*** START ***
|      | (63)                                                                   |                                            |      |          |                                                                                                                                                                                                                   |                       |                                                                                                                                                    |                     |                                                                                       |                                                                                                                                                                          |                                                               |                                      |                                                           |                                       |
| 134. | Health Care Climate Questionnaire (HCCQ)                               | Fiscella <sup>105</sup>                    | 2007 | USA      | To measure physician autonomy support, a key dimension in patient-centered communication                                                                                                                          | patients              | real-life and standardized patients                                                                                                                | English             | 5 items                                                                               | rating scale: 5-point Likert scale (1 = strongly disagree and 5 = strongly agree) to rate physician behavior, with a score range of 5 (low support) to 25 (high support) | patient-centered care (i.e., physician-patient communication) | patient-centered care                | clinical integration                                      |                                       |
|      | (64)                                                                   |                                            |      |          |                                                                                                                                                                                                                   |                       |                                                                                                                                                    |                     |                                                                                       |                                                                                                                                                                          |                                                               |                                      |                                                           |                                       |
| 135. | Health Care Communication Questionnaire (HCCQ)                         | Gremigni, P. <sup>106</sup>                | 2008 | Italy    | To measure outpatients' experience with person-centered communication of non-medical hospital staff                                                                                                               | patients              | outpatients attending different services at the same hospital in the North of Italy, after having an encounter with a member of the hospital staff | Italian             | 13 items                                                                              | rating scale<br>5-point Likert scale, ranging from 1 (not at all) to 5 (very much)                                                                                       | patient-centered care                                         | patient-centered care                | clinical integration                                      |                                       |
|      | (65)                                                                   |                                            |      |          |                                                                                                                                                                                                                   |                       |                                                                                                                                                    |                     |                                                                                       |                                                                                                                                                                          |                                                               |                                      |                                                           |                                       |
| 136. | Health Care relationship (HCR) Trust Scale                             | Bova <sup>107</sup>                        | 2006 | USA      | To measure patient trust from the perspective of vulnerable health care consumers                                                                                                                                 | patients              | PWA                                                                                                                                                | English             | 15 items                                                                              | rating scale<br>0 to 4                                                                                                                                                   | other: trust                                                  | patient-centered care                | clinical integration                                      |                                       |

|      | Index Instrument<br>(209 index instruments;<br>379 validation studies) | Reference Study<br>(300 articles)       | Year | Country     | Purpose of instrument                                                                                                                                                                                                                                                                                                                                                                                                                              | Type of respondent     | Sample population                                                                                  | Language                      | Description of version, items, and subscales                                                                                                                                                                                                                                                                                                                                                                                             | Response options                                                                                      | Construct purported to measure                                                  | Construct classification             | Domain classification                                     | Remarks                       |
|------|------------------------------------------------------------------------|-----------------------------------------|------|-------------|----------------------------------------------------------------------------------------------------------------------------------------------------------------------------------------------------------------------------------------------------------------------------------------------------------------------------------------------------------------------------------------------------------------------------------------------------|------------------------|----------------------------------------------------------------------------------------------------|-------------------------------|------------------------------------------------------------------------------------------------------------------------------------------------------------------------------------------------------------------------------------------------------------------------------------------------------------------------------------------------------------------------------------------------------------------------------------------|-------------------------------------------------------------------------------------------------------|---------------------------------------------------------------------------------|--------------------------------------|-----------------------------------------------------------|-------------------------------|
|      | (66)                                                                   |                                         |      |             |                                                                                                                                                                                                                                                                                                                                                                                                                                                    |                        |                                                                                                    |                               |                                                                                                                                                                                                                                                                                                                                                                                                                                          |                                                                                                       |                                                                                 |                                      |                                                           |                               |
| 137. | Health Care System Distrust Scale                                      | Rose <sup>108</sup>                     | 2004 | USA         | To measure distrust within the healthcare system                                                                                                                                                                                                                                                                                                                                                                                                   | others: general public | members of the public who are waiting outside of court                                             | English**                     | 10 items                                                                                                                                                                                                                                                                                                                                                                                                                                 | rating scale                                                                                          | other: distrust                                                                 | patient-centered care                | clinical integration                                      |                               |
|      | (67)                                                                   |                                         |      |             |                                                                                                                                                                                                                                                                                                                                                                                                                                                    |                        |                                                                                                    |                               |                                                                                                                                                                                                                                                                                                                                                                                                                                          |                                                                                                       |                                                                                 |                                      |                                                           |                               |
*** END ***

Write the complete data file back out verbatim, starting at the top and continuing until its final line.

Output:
|      | (63)                                                                   |                                            |      |          |                                                                                                                                                                                                                   |                       |                                                                                                                                                    |                     |                                                                                       |                                                                                                                                                                          |                                                               |                                      |                                                           |                                       |
| 134. | Health Care Climate Questionnaire (HCCQ)                               | Fiscella <sup>105</sup>                    | 2007 | USA      | To measure physician autonomy support, a key dimension in patient-centered communication                                                                                                                          | patients              | real-life and standardized patients                                                                                                                | English             | 5 items                                                                               | rating scale: 5-point Likert scale (1 = strongly disagree and 5 = strongly agree) to rate physician behavior, with a score range of 5 (low support) to 25 (high support) | patient-centered care (i.e., physician-patient communication) | patient-centered care                | clinical integration                                      |                                       |
|      | (64)                                                                   |                                            |      |          |                                                                                                                                                                                                                   |                       |                                                                                                                                                    |                     |                                                                                       |                                                                                                                                                                          |                                                               |                                      |                                                           |                                       |
| 135. | Health Care Communication Questionnaire (HCCQ)                         | Gremigni, P. <sup>106</sup>                | 2008 | Italy    | To measure outpatients' experience with person-centered communication of non-medical hospital staff                                                                                                               | patients              | outpatients attending different services at the same hospital in the North of Italy, after having an encounter with a member of the hospital staff | Italian             | 13 items                                                                              | rating scale<br>5-point Likert scale, ranging from 1 (not at all) to 5 (very much)                                                                                       | patient-centered care                                         | patient-centered care                | clinical integration                                      |                                       |
|      | (65)                                                                   |                                            |      |          |                                                                                                                                                                                                                   |                       |                                                                                                                                                    |                     |                                                                                       |                                                                                                                                                                          |                                                               |                                      |                                                           |                                       |
| 136. | Health Care relationship (HCR) Trust Scale                             | Bova <sup>107</sup>                        | 2006 | USA      | To measure patient trust from the perspective of vulnerable health care consumers                                                                                                                                 | patients              | PWA                                                                                                                                                | English             | 15 items                                                                              | rating scale<br>0 to 4                                                                                                                                                   | other: trust                                                  | patient-centered care                | clinical integration                                      |                                       |

|      | Index Instrument<br>(209 index instruments;<br>379 validation studies) | Reference Study<br>(300 articles)       | Year | Country     | Purpose of instrument                                                                                                                                                                                                                                                                                                                                                                                                                              | Type of respondent     | Sample population                                                                                  | Language                      | Description of version, items, and subscales                                                                                                                                                                                                                                                                                                                                                                                             | Response options                                                                                      | Construct purported to measure                                                  | Construct classification             | Domain classification                                     | Remarks                       |
|------|------------------------------------------------------------------------|-----------------------------------------|------|-------------|----------------------------------------------------------------------------------------------------------------------------------------------------------------------------------------------------------------------------------------------------------------------------------------------------------------------------------------------------------------------------------------------------------------------------------------------------|------------------------|----------------------------------------------------------------------------------------------------|-------------------------------|------------------------------------------------------------------------------------------------------------------------------------------------------------------------------------------------------------------------------------------------------------------------------------------------------------------------------------------------------------------------------------------------------------------------------------------|-------------------------------------------------------------------------------------------------------|---------------------------------------------------------------------------------|--------------------------------------|-----------------------------------------------------------|-------------------------------|
|      | (66)                                                                   |                                         |      |             |                                                                                                                                                                                                                                                                                                                                                                                                                                                    |                        |                                                                                                    |                               |                                                                                                                                                                                                                                                                                                                                                                                                                                          |                                                                                                       |                                                                                 |                                      |                                                           |                               |
| 137. | Health Care System Distrust Scale                                      | Rose <sup>108</sup>                     | 2004 | USA         | To measure distrust within the healthcare system                                                                                                                                                                                                                                                                                                                                                                                                   | others: general public | members of the public who are waiting outside of court                                             | English**                     | 10 items                                                                                                                                                                                                                                                                                                                                                                                                                                 | rating scale                                                                                          | other: distrust                                                                 | patient-centered care                | clinical integration                                      |                               |
|      | (67)                                                                   |                                         |      |             |                                                                                                                                                                                                                                                                                                                                                                                                                                                    |                        |                                                                                                    |                               |                                                                                                                                                                                                                                                                                                                                                                                                                                          |                                                                                                       |                                                                                 |                                      |                                                           |                               |